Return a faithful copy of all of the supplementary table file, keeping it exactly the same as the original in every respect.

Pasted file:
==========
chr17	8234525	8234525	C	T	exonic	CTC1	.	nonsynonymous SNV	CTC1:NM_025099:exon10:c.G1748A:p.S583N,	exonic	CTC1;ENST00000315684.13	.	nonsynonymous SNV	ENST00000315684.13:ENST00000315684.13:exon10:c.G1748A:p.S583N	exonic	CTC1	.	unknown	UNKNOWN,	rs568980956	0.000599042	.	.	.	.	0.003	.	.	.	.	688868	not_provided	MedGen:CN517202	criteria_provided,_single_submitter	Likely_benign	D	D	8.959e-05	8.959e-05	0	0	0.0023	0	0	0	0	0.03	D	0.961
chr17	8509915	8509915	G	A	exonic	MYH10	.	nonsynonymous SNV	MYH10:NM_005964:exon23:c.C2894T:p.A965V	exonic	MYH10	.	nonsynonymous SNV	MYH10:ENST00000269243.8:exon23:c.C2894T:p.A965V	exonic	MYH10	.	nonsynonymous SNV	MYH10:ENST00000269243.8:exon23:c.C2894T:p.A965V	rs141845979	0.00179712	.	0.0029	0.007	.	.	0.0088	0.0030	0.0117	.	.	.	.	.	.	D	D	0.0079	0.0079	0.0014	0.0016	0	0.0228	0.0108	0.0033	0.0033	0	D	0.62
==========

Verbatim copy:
chr17	8234525	8234525	C	T	exonic	CTC1	.	nonsynonymous SNV	CTC1:NM_025099:exon10:c.G1748A:p.S583N,	exonic	CTC1;ENST00000315684.13	.	nonsynonymous SNV	ENST00000315684.13:ENST00000315684.13:exon10:c.G1748A:p.S583N	exonic	CTC1	.	unknown	UNKNOWN,	rs568980956	0.000599042	.	.	.	.	0.003	.	.	.	.	688868	not_provided	MedGen:CN517202	criteria_provided,_single_submitter	Likely_benign	D	D	8.959e-05	8.959e-05	0	0	0.0023	0	0	0	0	0.03	D	0.961
chr17	8509915	8509915	G	A	exonic	MYH10	.	nonsynonymous SNV	MYH10:NM_005964:exon23:c.C2894T:p.A965V	exonic	MYH10	.	nonsynonymous SNV	MYH10:ENST00000269243.8:exon23:c.C2894T:p.A965V	exonic	MYH10	.	nonsynonymous SNV	MYH10:ENST00000269243.8:exon23:c.C2894T:p.A965V	rs141845979	0.00179712	.	0.0029	0.007	.	.	0.0088	0.0030	0.0117	.	.	.	.	.	.	D	D	0.0079	0.0079	0.0014	0.0016	0	0.0228	0.0108	0.0033	0.0033	0	D	0.62